It is not the critic who counts,
not the man who pronounces
how the strong man stumbled,
where the doer of deeds fumbled
or could have done them better.
Credit belongs to the man – the pacesetter
who is actually in the arena, in the mud;
whose face is marred by dust, sweat, and blood;
who strives valiantly; who errs, then
comes short again and again.
Tribute goes to him who knows
the great devotions and impose
himself to a worthy cause;
who, at the worst, if he fails, because
of daring greatly, at least fails honorably,
so that his place shall never be with those un-admirably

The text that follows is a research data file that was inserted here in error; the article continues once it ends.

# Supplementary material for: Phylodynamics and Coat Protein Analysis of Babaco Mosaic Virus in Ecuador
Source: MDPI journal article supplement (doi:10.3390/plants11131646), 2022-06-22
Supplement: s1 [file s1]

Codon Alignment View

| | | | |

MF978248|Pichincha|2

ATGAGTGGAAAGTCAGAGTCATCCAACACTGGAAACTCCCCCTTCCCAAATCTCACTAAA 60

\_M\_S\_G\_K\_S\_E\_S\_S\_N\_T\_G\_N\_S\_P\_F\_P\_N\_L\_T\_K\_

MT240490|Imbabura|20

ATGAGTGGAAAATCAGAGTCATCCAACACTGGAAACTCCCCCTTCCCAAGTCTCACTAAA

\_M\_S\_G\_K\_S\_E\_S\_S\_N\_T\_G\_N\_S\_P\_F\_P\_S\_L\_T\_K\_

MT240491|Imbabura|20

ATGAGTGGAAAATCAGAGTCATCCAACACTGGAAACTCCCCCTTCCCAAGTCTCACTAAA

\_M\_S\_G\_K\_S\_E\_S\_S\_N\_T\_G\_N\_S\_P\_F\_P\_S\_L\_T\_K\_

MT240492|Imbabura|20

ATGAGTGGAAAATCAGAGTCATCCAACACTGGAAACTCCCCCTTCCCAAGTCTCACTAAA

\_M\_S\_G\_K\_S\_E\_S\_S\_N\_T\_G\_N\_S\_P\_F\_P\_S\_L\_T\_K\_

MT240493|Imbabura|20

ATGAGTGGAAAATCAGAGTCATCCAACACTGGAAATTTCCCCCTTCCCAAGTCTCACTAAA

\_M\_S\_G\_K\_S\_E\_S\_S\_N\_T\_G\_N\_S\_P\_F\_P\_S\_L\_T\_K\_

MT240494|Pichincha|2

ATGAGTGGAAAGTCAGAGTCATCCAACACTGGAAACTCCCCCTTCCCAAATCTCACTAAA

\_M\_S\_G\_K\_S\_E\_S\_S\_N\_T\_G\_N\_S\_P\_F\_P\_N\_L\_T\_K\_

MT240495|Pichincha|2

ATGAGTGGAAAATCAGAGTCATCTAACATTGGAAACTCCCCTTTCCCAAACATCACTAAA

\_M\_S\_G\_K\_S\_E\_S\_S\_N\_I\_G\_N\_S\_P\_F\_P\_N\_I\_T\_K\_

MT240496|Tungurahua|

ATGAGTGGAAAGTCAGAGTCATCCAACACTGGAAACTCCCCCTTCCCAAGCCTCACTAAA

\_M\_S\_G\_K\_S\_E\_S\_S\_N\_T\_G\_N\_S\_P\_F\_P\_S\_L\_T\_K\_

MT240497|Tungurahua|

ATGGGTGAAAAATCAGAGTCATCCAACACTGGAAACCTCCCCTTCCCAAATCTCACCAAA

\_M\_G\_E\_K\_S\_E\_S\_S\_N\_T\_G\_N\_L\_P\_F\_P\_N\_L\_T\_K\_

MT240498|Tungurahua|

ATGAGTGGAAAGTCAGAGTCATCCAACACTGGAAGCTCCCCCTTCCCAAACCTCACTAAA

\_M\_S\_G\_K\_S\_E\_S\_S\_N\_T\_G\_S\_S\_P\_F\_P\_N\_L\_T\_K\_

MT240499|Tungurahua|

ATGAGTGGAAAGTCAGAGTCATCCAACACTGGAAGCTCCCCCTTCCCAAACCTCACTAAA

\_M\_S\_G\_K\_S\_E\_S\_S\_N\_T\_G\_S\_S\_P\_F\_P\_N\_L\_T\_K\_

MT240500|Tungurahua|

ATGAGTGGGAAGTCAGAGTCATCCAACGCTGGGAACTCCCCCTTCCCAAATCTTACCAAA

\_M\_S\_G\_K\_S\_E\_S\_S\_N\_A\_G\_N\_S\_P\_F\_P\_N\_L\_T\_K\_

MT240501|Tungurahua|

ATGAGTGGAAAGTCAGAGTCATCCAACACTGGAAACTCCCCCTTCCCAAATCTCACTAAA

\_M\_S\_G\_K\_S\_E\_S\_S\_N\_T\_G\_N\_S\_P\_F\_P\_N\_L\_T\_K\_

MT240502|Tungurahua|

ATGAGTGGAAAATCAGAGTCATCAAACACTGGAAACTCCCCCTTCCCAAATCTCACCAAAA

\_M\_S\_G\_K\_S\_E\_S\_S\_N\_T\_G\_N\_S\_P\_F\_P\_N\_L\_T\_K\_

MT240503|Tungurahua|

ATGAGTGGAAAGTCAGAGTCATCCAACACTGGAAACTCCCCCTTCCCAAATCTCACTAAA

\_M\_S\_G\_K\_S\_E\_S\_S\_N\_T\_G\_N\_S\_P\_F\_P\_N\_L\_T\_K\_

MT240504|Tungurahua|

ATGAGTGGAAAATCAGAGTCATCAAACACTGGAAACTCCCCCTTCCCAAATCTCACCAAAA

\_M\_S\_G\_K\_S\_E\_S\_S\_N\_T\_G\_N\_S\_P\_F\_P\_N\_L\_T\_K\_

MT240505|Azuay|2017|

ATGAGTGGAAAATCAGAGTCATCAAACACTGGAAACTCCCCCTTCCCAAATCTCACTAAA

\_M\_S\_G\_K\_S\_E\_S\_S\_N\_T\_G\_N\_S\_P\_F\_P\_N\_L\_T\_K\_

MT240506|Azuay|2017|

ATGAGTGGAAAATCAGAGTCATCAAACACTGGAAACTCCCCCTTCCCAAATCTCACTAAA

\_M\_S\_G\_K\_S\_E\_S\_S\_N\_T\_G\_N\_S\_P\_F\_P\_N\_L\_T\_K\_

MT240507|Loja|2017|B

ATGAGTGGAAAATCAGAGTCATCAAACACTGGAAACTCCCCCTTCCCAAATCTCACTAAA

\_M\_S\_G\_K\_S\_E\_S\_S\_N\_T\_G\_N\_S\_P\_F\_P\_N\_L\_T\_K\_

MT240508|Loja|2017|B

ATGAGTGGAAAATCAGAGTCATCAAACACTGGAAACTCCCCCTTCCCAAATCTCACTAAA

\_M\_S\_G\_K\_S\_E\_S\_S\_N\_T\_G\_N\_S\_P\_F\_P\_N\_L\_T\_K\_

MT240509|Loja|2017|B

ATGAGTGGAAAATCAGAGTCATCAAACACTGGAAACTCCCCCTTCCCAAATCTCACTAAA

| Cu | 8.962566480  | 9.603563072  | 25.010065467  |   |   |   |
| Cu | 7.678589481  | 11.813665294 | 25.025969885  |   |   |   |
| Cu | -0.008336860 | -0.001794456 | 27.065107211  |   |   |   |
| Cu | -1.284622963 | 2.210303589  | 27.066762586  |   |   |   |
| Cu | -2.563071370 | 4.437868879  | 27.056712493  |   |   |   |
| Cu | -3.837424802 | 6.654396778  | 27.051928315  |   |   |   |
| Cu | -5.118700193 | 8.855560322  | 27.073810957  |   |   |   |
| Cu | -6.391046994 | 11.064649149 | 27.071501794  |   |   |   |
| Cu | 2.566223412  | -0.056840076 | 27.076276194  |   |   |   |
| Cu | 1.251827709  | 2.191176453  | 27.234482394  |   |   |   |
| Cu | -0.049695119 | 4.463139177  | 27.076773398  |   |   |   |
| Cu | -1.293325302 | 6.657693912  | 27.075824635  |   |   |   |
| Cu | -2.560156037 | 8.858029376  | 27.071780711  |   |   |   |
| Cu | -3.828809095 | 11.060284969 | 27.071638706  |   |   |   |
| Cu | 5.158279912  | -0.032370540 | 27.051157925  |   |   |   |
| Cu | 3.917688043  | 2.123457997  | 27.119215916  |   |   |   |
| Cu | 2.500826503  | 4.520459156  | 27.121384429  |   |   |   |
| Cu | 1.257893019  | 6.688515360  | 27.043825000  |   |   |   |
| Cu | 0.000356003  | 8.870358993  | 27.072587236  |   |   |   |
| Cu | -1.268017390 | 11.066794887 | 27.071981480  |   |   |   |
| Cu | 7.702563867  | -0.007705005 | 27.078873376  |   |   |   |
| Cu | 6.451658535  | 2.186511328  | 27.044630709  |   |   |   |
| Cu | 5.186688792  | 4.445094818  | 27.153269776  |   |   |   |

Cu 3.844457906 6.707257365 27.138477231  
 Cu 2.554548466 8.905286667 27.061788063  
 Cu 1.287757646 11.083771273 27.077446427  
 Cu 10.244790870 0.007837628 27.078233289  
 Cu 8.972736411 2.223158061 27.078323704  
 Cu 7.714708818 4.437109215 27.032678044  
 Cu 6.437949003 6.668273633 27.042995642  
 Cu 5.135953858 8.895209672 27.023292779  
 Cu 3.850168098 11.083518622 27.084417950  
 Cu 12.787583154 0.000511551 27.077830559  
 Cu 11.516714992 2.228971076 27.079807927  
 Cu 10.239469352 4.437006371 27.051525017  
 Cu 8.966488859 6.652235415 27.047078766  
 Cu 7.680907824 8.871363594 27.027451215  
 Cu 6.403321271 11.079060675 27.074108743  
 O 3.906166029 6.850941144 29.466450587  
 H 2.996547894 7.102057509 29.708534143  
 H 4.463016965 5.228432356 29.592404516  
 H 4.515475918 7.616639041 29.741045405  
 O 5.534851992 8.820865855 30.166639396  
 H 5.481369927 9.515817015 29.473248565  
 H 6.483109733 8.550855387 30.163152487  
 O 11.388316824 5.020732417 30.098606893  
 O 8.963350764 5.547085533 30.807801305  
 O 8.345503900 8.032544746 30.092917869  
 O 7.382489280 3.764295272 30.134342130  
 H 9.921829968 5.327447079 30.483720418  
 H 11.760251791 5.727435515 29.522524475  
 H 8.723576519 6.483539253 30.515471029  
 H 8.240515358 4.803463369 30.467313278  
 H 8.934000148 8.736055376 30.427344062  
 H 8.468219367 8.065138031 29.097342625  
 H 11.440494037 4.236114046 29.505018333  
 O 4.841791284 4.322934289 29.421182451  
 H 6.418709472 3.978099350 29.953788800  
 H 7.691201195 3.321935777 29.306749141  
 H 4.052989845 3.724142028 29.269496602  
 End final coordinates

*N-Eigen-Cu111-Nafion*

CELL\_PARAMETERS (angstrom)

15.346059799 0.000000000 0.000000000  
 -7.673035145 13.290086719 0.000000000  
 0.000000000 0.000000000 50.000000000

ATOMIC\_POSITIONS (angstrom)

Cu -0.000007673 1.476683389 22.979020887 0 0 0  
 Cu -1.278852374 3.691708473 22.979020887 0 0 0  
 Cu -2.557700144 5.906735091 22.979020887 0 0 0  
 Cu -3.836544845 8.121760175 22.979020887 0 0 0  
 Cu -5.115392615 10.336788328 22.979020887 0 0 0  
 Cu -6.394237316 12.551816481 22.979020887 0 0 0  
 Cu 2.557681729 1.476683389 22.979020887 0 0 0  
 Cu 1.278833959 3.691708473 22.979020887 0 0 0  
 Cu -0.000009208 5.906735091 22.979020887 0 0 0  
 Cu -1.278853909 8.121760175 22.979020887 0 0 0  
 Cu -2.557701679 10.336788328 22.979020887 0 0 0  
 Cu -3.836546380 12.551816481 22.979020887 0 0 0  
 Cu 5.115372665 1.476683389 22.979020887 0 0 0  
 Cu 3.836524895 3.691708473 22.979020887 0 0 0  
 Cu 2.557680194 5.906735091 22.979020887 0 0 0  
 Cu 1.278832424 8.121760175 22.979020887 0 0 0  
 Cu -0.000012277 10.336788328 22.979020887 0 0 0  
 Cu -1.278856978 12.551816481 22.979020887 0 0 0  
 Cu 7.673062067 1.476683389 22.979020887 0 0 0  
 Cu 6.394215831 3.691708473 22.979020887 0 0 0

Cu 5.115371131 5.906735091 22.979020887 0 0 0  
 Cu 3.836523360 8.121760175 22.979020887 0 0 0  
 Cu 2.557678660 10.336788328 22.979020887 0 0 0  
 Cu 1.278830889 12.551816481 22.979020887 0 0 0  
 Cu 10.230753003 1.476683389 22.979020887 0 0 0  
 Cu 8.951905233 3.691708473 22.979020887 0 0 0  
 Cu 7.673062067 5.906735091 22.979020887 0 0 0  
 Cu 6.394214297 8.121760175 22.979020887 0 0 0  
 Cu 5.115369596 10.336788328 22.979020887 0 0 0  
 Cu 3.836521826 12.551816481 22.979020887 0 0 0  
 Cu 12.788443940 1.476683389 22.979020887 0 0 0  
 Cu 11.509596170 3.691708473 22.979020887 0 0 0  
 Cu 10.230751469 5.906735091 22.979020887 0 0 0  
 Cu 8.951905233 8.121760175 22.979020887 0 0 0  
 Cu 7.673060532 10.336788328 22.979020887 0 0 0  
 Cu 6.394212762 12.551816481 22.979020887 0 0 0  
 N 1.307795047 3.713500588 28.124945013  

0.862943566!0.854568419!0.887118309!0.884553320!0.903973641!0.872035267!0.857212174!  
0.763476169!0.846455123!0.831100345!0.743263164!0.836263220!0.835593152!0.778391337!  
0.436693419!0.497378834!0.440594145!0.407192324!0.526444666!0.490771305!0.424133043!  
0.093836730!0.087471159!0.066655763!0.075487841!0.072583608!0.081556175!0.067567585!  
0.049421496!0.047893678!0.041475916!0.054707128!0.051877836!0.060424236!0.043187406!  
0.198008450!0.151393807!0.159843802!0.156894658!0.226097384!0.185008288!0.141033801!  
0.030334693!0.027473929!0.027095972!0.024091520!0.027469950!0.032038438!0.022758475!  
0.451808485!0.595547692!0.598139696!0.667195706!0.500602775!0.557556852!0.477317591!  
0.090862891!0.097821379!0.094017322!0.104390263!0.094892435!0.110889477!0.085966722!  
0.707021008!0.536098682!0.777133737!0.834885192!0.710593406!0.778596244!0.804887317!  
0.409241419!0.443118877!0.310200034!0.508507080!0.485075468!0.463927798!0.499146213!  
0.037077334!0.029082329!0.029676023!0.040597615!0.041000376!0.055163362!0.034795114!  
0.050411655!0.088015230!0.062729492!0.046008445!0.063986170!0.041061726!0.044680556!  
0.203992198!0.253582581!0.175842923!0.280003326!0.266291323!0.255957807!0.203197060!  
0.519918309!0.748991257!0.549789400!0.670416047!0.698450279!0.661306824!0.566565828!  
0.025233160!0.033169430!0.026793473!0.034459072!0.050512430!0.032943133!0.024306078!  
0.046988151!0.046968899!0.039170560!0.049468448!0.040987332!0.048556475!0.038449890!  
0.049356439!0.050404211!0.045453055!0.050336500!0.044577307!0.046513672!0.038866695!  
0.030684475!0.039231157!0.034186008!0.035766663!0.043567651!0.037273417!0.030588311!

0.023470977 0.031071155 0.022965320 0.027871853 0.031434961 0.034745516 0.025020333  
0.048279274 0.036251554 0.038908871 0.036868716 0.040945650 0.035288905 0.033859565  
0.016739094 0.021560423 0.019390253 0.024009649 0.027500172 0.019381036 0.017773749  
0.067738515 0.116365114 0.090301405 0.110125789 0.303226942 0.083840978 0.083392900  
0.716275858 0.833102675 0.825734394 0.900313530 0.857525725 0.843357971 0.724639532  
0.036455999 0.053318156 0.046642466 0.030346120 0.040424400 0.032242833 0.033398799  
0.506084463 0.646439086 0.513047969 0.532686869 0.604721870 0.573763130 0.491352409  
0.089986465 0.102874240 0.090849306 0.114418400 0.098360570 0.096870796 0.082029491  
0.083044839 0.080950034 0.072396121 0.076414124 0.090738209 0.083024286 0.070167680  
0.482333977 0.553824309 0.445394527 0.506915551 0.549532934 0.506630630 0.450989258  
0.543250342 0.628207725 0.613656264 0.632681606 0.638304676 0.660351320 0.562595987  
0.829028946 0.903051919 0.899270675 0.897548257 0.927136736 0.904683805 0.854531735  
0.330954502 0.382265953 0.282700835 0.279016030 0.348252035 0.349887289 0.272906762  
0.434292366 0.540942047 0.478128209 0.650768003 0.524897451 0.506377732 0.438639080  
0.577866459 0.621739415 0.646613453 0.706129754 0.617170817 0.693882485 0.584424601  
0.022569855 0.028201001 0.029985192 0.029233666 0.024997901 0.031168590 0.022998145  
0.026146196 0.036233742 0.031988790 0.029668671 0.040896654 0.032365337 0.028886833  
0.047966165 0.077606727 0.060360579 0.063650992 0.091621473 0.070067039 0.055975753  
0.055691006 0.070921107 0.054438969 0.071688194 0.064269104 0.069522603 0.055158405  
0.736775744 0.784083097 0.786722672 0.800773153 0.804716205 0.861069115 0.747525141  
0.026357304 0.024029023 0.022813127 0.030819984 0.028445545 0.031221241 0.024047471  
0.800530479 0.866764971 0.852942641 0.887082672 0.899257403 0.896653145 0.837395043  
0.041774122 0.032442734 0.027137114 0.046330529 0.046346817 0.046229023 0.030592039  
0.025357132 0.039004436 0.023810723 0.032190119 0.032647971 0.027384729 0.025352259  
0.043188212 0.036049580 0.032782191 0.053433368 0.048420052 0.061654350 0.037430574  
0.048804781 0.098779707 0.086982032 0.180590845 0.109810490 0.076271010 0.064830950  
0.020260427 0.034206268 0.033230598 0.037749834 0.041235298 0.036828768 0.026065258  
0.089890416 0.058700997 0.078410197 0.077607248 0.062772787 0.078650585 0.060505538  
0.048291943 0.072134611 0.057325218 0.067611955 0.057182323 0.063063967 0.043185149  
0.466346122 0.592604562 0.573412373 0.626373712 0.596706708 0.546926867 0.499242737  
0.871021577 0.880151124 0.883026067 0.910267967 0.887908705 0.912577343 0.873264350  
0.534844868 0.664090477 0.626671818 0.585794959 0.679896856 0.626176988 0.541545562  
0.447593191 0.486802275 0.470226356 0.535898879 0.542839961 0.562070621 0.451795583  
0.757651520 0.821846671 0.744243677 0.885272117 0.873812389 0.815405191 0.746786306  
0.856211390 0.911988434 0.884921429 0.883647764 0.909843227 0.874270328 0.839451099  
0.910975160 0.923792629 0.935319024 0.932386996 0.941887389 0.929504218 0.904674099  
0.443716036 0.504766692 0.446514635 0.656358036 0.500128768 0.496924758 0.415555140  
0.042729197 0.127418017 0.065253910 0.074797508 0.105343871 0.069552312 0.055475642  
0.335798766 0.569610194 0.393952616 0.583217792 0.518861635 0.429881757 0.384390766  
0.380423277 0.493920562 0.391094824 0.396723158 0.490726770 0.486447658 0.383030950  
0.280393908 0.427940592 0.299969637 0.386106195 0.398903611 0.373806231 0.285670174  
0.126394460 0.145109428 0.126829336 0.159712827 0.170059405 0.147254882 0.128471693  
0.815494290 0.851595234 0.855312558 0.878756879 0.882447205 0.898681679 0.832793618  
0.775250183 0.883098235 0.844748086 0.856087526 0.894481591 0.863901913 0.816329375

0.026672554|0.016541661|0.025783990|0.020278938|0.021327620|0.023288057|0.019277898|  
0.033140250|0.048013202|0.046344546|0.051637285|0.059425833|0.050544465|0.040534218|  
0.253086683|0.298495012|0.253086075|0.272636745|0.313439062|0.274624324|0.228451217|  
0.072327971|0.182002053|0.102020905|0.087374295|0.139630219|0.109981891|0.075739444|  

cold and timid souls whose retreat
endear them to know neither victory nor defeat.
Copyright © Ugo Nkwoala | Spilledwoords | 2020
This poem is an extract from Theodore Roosevelt (born October 27, 1858, New York, New York, U.S.—died January 6, 1919, Oyster Bay, New York), 26th president of the United States (1901–09), a writer, naturalist, and soldier. He won the Nobel Prize for Peace in 1906 for mediating an end to the Russo-Japanese War (1904–05).